Lest anyone think that Dustin Hoffman, Billy Bob Thornton or Sean Penn were the first actors to successfully tackle roles that involved playing mentally challenged protagonists - they were not. While Cliff Robertson wasn't the first, his role as the mentally retarded bakery worker turned supergenius Charly is still just as affecting today as it was prior to Rain Man, I Am Sam and Sling Blade. Based upon the Daniel Keyes novel "Flowers For Algernon," Charly stars Robertson as the titular character, who undergoes an experimental brain surgery which imparts the ability to learn at an accelerated clip.
Claire Bloom co-stars as Ms. Kinnian, Charly's instructor and eventual lover - the relationship, both personal and professional, which she shares with Charly forms the core of the film's story. As Charly's IQ soars to unprecedented levels, his emotional maturity remains somewhat stunted in comparison. It's Ms. Kinnian who must guide Charly through the peaks and valleys of his life, particularly when the effects of the surgery begin to inexplicably wear off and he finds himself slipping steadily back into the intellectual darkness from whence he came.
Robertson's carefully modulated performance is the centerpiece of Charly and it's a wondrous thing to behold; he moves from ridiculed outcast to smug, arrogant intellectual superior without missing a beat. You can see the dawning clarity as well as the pained realization that his brief window of "normalcy" is closing - a beautifully affecting performance that ranks among the best Robertson has ever given - yes, webheads, who knew there was life before Uncle Ben? Matching him every step of the way is Bloom as Ms. Kinnian; the film is, in effect, a two-character play that features incidental appearances from doctors or co-workers. The emotional centerpiece of Charly is that of the relationship these two share and these two actors bring it to life, in all of its conflicted, uplifting glory.
A little seen, underrated film that has elements of cinema verite and slightly adventurous cinematography (at certain moments in the film, the screen bisects and shows events from dual points of view simultaneously), Charly is a classic gem the whole family could easily watch and enjoy.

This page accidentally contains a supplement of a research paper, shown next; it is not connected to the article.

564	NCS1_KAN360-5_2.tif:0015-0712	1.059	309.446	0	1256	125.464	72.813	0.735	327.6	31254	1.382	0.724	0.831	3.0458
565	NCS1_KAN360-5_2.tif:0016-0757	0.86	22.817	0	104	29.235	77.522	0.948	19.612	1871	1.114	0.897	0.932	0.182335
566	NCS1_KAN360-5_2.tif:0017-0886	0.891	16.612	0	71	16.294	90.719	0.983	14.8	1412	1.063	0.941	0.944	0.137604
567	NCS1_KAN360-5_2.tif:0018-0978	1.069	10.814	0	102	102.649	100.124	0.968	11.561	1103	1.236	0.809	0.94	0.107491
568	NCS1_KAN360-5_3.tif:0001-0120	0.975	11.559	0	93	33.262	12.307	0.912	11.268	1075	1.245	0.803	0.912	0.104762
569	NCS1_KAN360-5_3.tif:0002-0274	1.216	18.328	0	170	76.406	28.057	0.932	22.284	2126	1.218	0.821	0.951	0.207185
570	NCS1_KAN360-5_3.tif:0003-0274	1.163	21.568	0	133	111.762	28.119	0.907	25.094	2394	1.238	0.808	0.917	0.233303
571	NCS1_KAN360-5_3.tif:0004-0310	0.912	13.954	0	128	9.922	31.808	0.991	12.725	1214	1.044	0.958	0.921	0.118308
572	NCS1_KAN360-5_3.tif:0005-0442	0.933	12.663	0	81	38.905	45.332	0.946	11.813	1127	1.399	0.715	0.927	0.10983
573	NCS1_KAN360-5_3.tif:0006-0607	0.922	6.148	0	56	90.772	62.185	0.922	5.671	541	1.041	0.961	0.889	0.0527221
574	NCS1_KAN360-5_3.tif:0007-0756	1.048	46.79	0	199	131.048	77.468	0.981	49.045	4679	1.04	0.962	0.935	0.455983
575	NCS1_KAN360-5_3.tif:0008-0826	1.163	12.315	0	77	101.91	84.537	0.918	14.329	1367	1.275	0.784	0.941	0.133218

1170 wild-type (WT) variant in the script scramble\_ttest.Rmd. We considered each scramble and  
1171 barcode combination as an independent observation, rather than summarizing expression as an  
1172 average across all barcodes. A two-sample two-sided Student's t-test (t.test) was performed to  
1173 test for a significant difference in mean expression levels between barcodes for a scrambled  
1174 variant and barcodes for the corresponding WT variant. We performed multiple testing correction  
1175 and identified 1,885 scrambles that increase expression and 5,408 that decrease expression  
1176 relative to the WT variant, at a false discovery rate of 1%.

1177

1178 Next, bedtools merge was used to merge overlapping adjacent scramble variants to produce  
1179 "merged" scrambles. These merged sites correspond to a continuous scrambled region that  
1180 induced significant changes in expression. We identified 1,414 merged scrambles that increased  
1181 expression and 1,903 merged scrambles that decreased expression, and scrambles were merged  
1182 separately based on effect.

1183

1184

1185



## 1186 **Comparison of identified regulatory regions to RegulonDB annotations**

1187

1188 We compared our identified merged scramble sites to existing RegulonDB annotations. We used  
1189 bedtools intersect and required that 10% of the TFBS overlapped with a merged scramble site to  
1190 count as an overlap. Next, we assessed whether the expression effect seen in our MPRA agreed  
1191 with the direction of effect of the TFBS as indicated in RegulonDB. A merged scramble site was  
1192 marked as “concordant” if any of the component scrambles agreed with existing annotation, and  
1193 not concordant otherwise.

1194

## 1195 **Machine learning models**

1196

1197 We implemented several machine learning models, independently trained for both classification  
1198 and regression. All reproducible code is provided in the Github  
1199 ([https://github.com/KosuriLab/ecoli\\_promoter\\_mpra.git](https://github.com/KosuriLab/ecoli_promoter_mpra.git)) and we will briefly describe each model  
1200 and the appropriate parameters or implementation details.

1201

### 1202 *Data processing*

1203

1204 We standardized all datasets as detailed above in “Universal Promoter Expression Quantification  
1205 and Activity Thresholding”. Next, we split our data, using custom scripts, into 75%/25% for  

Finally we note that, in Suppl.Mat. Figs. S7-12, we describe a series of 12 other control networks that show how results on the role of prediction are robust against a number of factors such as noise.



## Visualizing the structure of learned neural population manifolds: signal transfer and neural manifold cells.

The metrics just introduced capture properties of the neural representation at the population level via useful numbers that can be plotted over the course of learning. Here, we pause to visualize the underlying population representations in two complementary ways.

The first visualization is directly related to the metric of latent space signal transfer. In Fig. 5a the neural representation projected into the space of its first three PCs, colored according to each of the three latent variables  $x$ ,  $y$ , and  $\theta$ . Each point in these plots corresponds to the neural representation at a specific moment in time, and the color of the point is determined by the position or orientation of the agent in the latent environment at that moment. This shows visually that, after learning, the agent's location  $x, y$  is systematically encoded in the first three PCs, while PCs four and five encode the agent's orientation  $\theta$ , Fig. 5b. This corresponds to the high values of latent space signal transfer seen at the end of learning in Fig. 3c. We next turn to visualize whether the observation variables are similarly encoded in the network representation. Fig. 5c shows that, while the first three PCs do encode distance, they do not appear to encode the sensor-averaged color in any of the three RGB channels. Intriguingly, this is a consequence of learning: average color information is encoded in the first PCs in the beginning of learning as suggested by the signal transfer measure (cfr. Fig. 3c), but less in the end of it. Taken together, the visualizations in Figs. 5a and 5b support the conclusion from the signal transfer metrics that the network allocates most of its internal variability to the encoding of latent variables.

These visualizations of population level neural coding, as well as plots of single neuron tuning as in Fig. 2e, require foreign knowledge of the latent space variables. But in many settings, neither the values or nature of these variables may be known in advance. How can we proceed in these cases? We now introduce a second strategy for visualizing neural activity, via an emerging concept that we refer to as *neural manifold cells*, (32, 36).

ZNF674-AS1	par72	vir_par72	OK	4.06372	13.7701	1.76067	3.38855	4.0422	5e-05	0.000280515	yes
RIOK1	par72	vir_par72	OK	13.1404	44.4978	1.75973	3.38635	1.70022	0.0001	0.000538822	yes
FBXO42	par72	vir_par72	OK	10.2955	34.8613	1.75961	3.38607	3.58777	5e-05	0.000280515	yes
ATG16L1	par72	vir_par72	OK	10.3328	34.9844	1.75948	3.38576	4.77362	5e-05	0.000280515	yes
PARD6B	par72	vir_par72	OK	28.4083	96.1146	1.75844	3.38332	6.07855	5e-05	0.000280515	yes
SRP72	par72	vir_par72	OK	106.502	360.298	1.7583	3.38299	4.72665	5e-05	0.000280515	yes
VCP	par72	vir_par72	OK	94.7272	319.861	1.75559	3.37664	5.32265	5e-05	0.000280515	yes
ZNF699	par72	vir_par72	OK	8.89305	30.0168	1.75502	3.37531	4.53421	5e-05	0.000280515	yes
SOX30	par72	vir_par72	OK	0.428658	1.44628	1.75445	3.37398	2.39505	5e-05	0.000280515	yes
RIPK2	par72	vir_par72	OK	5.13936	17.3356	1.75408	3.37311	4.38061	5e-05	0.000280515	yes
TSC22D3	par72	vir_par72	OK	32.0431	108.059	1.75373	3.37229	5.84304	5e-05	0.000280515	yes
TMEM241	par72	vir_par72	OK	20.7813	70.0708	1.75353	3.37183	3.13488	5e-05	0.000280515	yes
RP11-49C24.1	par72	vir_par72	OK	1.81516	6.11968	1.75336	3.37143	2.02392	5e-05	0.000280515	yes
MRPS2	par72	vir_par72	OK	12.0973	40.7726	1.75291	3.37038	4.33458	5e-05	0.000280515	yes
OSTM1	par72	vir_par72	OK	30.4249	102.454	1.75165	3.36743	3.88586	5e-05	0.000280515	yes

Charly is presented in a 2.35:1 anamorphic widescreen transfer on one side of the flipper and a fullscreen transfer on the other. Particularly in the opening and closing moments of the film, the image becomes particularly unstable and suffers from jittery movement that's really distracting. It settles down and overall, is an image largely free of damage. There is a bit of grain and dirt every so often, but nothing too noticeable. A decent transfer.
Offered in a warm Dolby 2.0 stereo mix, Charly blends Ravi Shankar's score and the dialogue well. There's no distortion and the conversations are clearly heard throughout.
There are no bonus features included - how this is possible when both Cliff Robertson and Claire Bloom are still alive and presumably available is beyond me. A retrospective interview? A commentary track? How about a theatrical trailer? Throw us a bone here, MGM.
Robertson's stellar performance is reason enough to seek out this underappreciated little film - it's a haunting, occasionally moving look at love that is very much a product of its era; it likely would be an entirely different film today. Perhaps Hollywood has lost touch with its ability to make intimate character studies that enlighten as well as entertain. Nevertheless, this bare-bones disc will tide fans over until MGM decides to at least upgrade the bonus material (don't hold your breath).